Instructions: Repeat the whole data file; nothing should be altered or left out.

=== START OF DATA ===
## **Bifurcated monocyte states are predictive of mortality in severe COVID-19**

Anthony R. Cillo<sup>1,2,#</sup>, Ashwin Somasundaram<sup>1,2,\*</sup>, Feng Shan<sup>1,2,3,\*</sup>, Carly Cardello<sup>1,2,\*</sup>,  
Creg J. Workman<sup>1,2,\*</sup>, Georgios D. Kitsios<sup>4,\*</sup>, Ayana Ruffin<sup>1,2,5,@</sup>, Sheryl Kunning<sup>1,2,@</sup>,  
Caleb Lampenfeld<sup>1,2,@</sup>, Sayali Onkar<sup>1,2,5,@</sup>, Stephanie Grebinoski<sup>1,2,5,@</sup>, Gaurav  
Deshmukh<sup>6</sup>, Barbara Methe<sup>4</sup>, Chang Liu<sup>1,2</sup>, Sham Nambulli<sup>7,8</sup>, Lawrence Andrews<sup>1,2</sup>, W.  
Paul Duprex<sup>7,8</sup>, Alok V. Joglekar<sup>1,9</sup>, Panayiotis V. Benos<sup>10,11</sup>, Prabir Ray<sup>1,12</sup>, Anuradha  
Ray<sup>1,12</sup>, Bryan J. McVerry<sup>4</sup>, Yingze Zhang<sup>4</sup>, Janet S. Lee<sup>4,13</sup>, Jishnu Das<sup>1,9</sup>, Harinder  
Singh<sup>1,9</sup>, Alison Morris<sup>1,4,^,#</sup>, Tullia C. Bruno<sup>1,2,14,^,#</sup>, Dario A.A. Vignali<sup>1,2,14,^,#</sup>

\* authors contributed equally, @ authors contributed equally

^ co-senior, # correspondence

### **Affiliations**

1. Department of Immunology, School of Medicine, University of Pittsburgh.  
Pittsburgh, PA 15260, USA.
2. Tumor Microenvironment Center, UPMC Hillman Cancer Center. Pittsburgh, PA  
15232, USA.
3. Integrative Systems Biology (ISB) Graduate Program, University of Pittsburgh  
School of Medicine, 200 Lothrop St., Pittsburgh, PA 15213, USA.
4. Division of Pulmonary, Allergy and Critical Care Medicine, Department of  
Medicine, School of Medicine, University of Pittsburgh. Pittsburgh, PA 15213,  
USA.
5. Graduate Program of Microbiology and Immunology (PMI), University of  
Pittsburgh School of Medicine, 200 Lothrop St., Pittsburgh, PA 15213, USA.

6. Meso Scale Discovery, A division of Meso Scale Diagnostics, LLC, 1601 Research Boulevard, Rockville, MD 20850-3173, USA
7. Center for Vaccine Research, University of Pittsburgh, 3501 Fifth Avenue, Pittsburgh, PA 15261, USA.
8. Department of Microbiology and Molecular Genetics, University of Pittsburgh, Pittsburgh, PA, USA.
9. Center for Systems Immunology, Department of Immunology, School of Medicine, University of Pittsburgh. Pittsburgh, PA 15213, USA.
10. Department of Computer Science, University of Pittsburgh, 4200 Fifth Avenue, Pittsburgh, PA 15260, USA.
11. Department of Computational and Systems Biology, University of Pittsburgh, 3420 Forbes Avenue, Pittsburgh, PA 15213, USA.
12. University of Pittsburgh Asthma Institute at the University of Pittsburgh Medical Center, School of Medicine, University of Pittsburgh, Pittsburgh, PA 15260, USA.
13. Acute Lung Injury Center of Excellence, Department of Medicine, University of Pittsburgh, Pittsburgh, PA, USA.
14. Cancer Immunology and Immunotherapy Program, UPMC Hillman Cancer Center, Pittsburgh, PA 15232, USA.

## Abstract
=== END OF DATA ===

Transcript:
## **Bifurcated monocyte states are predictive of mortality in severe COVID-19**

Anthony R. Cillo<sup>1,2,#</sup>, Ashwin Somasundaram<sup>1,2,\*</sup>, Feng Shan<sup>1,2,3,\*</sup>, Carly Cardello<sup>1,2,\*</sup>,  
Creg J. Workman<sup>1,2,\*</sup>, Georgios D. Kitsios<sup>4,\*</sup>, Ayana Ruffin<sup>1,2,5,@</sup>, Sheryl Kunning<sup>1,2,@</sup>,  
Caleb Lampenfeld<sup>1,2,@</sup>, Sayali Onkar<sup>1,2,5,@</sup>, Stephanie Grebinoski<sup>1,2,5,@</sup>, Gaurav  
Deshmukh<sup>6</sup>, Barbara Methe<sup>4</sup>, Chang Liu<sup>1,2</sup>, Sham Nambulli<sup>7,8</sup>, Lawrence Andrews<sup>1,2</sup>, W.  
Paul Duprex<sup>7,8</sup>, Alok V. Joglekar<sup>1,9</sup>, Panayiotis V. Benos<sup>10,11</sup>, Prabir Ray<sup>1,12</sup>, Anuradha  
Ray<sup>1,12</sup>, Bryan J. McVerry<sup>4</sup>, Yingze Zhang<sup>4</sup>, Janet S. Lee<sup>4,13</sup>, Jishnu Das<sup>1,9</sup>, Harinder  
Singh<sup>1,9</sup>, Alison Morris<sup>1,4,^,#</sup>, Tullia C. Bruno<sup>1,2,14,^,#</sup>, Dario A.A. Vignali<sup>1,2,14,^,#</sup>

\* authors contributed equally, @ authors contributed equally

^ co-senior, # correspondence

### **Affiliations**

1. Department of Immunology, School of Medicine, University of Pittsburgh.  
Pittsburgh, PA 15260, USA.
2. Tumor Microenvironment Center, UPMC Hillman Cancer Center. Pittsburgh, PA  
15232, USA.
3. Integrative Systems Biology (ISB) Graduate Program, University of Pittsburgh  
School of Medicine, 200 Lothrop St., Pittsburgh, PA 15213, USA.
4. Division of Pulmonary, Allergy and Critical Care Medicine, Department of  
Medicine, School of Medicine, University of Pittsburgh. Pittsburgh, PA 15213,  
USA.
5. Graduate Program of Microbiology and Immunology (PMI), University of  
Pittsburgh School of Medicine, 200 Lothrop St., Pittsburgh, PA 15213, USA.

6. Meso Scale Discovery, A division of Meso Scale Diagnostics, LLC, 1601 Research Boulevard, Rockville, MD 20850-3173, USA
7. Center for Vaccine Research, University of Pittsburgh, 3501 Fifth Avenue, Pittsburgh, PA 15261, USA.
8. Department of Microbiology and Molecular Genetics, University of Pittsburgh, Pittsburgh, PA, USA.
9. Center for Systems Immunology, Department of Immunology, School of Medicine, University of Pittsburgh. Pittsburgh, PA 15213, USA.
10. Department of Computer Science, University of Pittsburgh, 4200 Fifth Avenue, Pittsburgh, PA 15260, USA.
11. Department of Computational and Systems Biology, University of Pittsburgh, 3420 Forbes Avenue, Pittsburgh, PA 15213, USA.
12. University of Pittsburgh Asthma Institute at the University of Pittsburgh Medical Center, School of Medicine, University of Pittsburgh, Pittsburgh, PA 15260, USA.
13. Acute Lung Injury Center of Excellence, Department of Medicine, University of Pittsburgh, Pittsburgh, PA, USA.
14. Cancer Immunology and Immunotherapy Program, UPMC Hillman Cancer Center, Pittsburgh, PA 15232, USA.

## Abstract